In a surprise announcement, Tom Hanks, 57, revealed on the Late Show with David Letterman that he has diabetes. While on the show to promote his new film Captain Phillips, he told Letterman that he learned at age 36 that he had high blood sugar. Recently his doctor told him: “You’ve graduated. You’ve got type 2 diabetes, young man.” Hanks said the doctor also told him that if he could return to his high school weight, he’d be “completely healthy” and avoid type 2 diabetes. Hanks replied: “Then I’m going to have type 2 diabetes.” He joked he weighed about 98 pounds in high school.
Many of us look longingly back to our high school weight, but not all of us who gained a few pounds in our college years (and a few more after that) have diabetes. Which prompts the question: Was his acting career to blame? Some experts have speculated that his swings in weight gain were a factor. Hanks’ weight has seesawed through the years as he has played different roles — he gained 30 pounds to play baseball coach Jimmy Dugan in A League of Their Own, and dropped from 225 pounds to 170 for Castaway, according to CBS This Morning.
“It sounds like he probably had prediabetes and now at 57 has developed type 2 diabetes, and that is a typical age where we do see it develop,” says Rita Kalyani, M.D., an assistant professor of medicine at Johns Hopkins University in Baltimore who studies diabetes and aging. Prediabetes is a condition in which blood glucose levels are higher than normal but not high enough for a diagnosis of diabetes. Kalyani says that “older adults have the greatest burden of type 2 diabetes of any age category,” and adds that a third of Americans 65 or older have diabetes and another third have prediabetes.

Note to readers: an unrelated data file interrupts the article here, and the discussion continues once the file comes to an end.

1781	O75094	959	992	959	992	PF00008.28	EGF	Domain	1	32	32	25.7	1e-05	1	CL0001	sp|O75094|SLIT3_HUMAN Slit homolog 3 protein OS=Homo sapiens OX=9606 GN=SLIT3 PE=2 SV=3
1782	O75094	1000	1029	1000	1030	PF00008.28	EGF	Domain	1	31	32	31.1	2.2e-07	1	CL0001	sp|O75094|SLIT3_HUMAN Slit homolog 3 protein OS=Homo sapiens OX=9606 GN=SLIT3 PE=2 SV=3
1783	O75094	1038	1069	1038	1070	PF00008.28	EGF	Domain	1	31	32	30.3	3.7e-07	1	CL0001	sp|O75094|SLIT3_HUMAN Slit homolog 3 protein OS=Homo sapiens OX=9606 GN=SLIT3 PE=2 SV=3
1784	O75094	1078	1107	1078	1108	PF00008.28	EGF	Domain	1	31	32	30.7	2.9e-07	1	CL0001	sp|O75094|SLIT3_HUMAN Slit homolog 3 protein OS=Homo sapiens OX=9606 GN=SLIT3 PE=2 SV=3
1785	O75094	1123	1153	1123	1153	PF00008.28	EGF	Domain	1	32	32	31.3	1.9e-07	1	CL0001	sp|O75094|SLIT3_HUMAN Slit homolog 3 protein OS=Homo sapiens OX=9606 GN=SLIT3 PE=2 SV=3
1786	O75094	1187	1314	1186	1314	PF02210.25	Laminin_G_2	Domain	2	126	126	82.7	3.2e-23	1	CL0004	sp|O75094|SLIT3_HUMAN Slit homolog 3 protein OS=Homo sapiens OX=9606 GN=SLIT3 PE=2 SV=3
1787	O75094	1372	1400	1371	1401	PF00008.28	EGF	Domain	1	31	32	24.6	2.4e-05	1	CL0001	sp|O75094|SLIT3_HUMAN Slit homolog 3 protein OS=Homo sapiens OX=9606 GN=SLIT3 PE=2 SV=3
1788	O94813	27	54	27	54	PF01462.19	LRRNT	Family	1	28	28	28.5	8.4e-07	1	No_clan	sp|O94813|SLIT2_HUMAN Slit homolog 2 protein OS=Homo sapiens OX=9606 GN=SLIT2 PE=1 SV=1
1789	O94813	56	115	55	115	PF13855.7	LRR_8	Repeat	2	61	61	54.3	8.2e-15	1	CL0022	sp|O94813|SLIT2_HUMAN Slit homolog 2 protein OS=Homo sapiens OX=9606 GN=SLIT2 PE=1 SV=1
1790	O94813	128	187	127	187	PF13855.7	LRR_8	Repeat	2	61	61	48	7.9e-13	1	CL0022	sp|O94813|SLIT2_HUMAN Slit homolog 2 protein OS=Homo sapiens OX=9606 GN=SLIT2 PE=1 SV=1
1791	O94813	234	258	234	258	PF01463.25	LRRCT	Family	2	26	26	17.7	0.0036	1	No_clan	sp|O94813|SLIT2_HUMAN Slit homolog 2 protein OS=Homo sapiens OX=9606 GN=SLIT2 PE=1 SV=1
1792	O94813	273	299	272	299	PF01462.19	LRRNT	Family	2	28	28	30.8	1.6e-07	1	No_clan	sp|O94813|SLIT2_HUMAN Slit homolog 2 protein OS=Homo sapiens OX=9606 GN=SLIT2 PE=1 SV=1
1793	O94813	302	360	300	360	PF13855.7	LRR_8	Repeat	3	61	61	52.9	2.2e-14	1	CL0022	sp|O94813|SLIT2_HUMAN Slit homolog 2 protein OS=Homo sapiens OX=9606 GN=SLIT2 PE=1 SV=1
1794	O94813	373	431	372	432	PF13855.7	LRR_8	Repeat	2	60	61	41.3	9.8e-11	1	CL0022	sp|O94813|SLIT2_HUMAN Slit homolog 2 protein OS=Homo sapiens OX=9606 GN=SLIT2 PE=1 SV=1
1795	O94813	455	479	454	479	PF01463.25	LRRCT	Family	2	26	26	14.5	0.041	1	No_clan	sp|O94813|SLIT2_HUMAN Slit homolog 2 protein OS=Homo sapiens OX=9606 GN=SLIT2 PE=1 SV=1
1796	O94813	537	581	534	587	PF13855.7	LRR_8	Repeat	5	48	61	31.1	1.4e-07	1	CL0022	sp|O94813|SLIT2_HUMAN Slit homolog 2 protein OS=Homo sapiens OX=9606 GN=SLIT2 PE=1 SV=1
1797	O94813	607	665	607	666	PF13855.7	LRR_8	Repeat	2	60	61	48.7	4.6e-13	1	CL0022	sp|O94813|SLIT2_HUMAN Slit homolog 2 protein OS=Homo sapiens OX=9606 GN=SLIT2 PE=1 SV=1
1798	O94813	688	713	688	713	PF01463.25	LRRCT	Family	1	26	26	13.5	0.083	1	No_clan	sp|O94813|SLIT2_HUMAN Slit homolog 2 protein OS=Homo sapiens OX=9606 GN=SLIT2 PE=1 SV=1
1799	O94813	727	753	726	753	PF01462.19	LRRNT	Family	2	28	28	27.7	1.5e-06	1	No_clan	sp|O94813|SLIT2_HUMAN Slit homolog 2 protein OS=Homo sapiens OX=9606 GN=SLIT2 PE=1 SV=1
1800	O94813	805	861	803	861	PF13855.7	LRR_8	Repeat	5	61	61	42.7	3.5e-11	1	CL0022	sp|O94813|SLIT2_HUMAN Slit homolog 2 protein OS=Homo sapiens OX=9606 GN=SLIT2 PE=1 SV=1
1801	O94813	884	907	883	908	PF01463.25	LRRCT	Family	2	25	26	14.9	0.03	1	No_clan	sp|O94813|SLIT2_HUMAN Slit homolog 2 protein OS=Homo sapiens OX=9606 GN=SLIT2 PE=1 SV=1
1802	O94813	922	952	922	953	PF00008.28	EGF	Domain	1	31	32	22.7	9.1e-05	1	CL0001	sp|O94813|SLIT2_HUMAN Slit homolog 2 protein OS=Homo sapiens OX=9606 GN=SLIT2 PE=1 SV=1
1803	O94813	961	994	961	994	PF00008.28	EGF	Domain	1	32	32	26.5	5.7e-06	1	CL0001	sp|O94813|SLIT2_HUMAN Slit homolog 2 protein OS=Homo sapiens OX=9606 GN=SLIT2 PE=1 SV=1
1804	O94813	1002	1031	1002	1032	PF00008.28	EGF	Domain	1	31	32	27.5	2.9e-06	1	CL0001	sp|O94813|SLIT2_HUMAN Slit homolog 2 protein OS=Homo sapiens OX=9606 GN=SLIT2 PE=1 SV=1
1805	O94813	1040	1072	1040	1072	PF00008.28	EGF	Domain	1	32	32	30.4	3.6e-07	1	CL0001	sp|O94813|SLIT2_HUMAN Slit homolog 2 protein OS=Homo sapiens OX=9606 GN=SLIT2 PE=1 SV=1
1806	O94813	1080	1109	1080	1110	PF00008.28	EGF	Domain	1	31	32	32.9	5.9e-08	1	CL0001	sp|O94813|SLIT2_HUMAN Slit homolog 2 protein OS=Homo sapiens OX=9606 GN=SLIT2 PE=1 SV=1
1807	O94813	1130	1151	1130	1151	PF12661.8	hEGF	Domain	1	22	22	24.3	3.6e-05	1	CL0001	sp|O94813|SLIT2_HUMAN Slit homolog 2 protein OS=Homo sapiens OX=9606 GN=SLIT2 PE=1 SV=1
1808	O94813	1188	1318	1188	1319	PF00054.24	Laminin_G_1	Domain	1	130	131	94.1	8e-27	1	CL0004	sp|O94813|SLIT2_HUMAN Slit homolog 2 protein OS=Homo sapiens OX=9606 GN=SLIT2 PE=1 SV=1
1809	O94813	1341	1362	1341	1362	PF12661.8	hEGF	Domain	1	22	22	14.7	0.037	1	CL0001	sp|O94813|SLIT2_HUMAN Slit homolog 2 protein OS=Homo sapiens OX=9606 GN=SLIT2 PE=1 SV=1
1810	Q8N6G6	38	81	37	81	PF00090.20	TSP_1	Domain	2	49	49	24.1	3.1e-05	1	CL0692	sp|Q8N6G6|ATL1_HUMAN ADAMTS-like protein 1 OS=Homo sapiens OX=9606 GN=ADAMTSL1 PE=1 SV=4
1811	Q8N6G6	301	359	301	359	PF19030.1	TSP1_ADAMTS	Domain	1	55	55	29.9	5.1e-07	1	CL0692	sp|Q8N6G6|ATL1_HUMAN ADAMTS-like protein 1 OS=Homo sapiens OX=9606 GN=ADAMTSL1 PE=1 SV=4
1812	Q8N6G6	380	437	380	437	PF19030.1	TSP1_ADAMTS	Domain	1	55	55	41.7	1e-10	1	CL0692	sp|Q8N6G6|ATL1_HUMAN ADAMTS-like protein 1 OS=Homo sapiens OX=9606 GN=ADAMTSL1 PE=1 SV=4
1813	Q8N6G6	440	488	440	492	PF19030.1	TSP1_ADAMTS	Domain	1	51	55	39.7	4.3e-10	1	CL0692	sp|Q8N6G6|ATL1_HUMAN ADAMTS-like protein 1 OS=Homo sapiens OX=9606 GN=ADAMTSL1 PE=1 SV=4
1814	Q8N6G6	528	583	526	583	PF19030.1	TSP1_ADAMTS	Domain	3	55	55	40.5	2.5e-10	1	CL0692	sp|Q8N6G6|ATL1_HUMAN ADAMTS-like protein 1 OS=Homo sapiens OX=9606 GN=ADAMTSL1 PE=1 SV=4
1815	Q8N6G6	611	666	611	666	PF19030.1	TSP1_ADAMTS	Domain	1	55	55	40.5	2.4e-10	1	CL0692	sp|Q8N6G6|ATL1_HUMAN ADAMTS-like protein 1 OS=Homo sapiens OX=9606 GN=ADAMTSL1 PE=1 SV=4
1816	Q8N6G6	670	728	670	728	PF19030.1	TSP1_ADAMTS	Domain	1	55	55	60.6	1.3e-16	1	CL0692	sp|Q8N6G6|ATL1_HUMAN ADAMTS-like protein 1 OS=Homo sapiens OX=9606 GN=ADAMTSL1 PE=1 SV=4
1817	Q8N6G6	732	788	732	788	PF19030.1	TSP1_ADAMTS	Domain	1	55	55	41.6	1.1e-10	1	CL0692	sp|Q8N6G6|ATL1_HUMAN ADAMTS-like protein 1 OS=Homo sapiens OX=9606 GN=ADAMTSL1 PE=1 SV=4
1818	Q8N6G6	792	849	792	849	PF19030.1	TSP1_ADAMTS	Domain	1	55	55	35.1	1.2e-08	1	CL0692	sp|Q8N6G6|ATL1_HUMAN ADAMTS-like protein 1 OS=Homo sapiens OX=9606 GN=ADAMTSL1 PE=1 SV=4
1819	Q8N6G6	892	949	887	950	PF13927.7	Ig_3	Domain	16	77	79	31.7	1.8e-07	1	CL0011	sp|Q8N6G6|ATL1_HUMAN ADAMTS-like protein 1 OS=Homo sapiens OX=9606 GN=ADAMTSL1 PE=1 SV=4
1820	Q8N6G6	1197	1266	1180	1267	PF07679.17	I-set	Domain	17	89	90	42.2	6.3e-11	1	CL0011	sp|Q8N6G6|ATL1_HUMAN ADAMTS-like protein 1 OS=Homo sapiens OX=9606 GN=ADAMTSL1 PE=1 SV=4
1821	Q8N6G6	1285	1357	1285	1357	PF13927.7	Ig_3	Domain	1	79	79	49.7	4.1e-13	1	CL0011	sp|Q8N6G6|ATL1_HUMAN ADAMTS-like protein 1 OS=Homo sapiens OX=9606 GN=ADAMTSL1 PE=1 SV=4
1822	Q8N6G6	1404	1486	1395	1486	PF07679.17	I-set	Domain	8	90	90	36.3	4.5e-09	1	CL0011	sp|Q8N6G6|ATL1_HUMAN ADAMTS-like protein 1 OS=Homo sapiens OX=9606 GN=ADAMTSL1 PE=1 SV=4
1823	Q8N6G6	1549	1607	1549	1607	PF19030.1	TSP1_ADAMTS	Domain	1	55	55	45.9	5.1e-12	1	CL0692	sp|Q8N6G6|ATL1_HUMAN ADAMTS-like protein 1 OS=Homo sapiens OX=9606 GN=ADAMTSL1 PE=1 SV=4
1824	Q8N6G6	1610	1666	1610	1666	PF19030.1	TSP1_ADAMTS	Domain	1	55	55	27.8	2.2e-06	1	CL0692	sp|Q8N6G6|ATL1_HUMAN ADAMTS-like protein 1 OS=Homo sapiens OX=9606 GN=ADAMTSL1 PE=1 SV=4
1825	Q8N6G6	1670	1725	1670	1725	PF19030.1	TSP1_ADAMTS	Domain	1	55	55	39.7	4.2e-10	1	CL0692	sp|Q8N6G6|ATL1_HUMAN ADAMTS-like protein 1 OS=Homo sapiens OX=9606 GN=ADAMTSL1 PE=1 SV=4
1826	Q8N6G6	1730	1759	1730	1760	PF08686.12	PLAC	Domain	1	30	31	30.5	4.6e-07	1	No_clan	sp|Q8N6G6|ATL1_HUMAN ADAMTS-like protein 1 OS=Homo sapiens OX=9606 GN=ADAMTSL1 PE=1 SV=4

Of course, Hanks isn’t the only American who has had big fluctuations in weight — although for many the curve goes only up. Type 2 diabetes is a growing epidemic around the world; more than 20 million people have it in the United States, at an estimated annual cost of $174 billion.
Weight isn’t the only factor that plays a role in developing the disease. There are things you can’t do anything about: age, family history and ethnicity, Ronald Tamler, M.D., clinical director with the Mount Sinai Diabetes Center in New York, said in an email. Other risk factors you can influence, such as diet, lifestyle and physical activity. But living with diabetes is manageable with the right combination of diet, exercise and medication.
“People with a new diagnosis of diabetes should not throw in the towel — on the contrary: Together with their health care team, they can work, can thrive, and live a long, full and active life while averting the complications of diabetes,” Tamler said.
In addition to maintaining a healthy diet and getting plenty of exercise — which helps the body manage insulin and blood sugar levels — here are a few recent tips from AARP The Magazine, from “5 New Ways to Prevent Diabetes” by Holly St. Lifer.
* Eat breakfast every day. Eating within two to three hours of waking up reduces your risk by 34 percent, according to a recent study.
* Get plenty of sleep (but not too much). Sleeping less than six hours a night is linked with a 60 percent higher rate of the disease.
* Toss the cigarettes. Smoking increases your likelihood of developing the disease by 40 percent.
Photo: Amanda Edwards/WireImage/Getty Images
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